Uber said last night that it has settled a pair of closely-watched class action lawsuits that turned on whether the ride-hailing company had misclassified its drivers as contractors.
The deal will cost Uber up to $100 million in compensation and require changes in how it deals with its drivers. But significantly, it maintains the drivers’ status as independent contractors. “Drivers value their independence,” CEO Travis Kalanick said in a blog post, “the freedom to push a button rather than to punch a clock.”
If the settlement is approved, the resolution could lift a major legal cloud over the future of Uber and other on-demand services, and accelerate growth in the so-called “gig economy.”
Also today, Fortune is publishing Cliff Leaf’s story from the May magazine that takes a deeper look at Napster-founder Sean Parker’s recently announced plan to spend $250 million to hack cancer. This isn’t just another billionaire’s random act of philanthropy. Parker has managed to get six of the top cancer immunology centers in the world to coordinate their efforts through his institute, sharing data and centrally managing their IP, in hopes of accelerating a cure. It’s a fascinating new undertaking at the intersection of medicine and technology, which is a very busy intersection these days and one that Fortune is devoting more attention to. You can read the full story here.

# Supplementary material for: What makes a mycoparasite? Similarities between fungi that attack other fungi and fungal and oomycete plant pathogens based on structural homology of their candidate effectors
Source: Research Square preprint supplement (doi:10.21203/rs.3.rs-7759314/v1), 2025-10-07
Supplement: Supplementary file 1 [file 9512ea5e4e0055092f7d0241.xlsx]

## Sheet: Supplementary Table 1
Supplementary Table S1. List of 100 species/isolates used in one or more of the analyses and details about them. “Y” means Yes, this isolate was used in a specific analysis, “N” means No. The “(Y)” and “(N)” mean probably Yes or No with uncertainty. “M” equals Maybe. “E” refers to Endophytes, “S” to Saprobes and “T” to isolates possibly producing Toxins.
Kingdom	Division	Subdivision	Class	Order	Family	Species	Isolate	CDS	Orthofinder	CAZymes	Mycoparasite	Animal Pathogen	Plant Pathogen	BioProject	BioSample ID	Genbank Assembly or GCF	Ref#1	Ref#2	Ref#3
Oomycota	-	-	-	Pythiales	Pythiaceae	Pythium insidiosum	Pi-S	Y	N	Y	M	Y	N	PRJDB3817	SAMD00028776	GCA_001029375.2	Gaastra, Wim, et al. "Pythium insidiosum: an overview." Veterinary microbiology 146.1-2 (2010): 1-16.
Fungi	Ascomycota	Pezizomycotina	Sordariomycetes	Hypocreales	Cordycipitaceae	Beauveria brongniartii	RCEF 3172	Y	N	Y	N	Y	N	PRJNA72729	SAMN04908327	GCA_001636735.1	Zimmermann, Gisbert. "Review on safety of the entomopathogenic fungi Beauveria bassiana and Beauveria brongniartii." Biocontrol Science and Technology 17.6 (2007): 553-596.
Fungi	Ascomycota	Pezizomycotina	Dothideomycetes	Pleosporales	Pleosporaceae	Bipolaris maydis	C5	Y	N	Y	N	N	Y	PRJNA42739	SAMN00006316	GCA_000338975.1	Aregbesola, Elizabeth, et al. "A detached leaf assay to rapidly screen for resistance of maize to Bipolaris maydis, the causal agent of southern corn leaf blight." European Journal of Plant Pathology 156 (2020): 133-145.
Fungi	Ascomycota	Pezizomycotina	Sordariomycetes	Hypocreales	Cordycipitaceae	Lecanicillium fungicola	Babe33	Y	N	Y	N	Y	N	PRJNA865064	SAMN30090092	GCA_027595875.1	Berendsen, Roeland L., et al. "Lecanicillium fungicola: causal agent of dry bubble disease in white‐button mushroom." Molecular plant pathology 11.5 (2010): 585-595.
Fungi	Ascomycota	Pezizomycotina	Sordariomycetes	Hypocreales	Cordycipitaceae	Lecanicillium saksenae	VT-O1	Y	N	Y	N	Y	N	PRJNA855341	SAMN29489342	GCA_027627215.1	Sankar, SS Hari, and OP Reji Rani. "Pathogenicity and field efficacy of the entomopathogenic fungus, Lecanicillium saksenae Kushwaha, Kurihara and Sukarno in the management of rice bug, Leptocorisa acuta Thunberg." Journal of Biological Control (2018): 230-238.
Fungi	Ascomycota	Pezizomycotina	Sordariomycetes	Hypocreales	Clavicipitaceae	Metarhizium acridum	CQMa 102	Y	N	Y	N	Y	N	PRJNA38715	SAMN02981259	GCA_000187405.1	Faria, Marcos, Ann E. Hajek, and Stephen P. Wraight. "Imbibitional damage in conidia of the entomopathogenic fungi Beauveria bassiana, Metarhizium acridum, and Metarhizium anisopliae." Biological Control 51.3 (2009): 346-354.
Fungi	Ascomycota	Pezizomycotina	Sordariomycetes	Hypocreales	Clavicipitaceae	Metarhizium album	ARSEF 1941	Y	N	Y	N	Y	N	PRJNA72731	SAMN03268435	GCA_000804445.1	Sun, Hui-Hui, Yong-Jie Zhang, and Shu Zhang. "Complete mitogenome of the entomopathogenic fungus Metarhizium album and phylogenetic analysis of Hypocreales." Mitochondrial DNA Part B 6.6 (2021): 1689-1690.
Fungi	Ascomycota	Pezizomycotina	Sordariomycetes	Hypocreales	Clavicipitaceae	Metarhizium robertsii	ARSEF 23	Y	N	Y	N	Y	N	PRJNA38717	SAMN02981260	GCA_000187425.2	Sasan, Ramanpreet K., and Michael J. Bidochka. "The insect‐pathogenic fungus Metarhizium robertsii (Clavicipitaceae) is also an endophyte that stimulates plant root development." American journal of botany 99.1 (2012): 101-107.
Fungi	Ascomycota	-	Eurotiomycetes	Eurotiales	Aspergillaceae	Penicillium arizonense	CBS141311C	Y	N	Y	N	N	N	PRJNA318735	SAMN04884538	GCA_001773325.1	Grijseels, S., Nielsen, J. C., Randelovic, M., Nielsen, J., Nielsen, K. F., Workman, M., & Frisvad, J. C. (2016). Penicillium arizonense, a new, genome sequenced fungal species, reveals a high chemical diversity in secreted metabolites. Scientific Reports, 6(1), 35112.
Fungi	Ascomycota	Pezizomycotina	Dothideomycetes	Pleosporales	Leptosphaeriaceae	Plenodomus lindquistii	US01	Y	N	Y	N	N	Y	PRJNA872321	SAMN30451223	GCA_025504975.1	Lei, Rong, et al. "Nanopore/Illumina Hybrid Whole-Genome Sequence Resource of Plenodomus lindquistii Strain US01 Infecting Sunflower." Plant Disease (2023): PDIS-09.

More news below. Enjoy the weekend.
• The Black Cloud Spreads
Daimler, the maker of Mercedes-Benz and Smart cars, is conducting an internal review of its emissions testing processes at the request of from the Department of Justice. Speculation that the DoJ would catch up with Daimler has swirled around VW’s upmarket rival for months, after widespread reports suggesting that all carmakers had been gaming the testing system. There is no suggestion of wrongdoing by the company, which has dismissed as worthless the handful of class actions lawsuits launched against it in the U.S. so far, but its shares have fallen 5% this morning in Frankfurt. In related news, France’s Peugeot (which doesn’t market its diesels in the U.S., said it too had been raided by French law enforcement.
• Alphabet’s Tepid 1Q Soup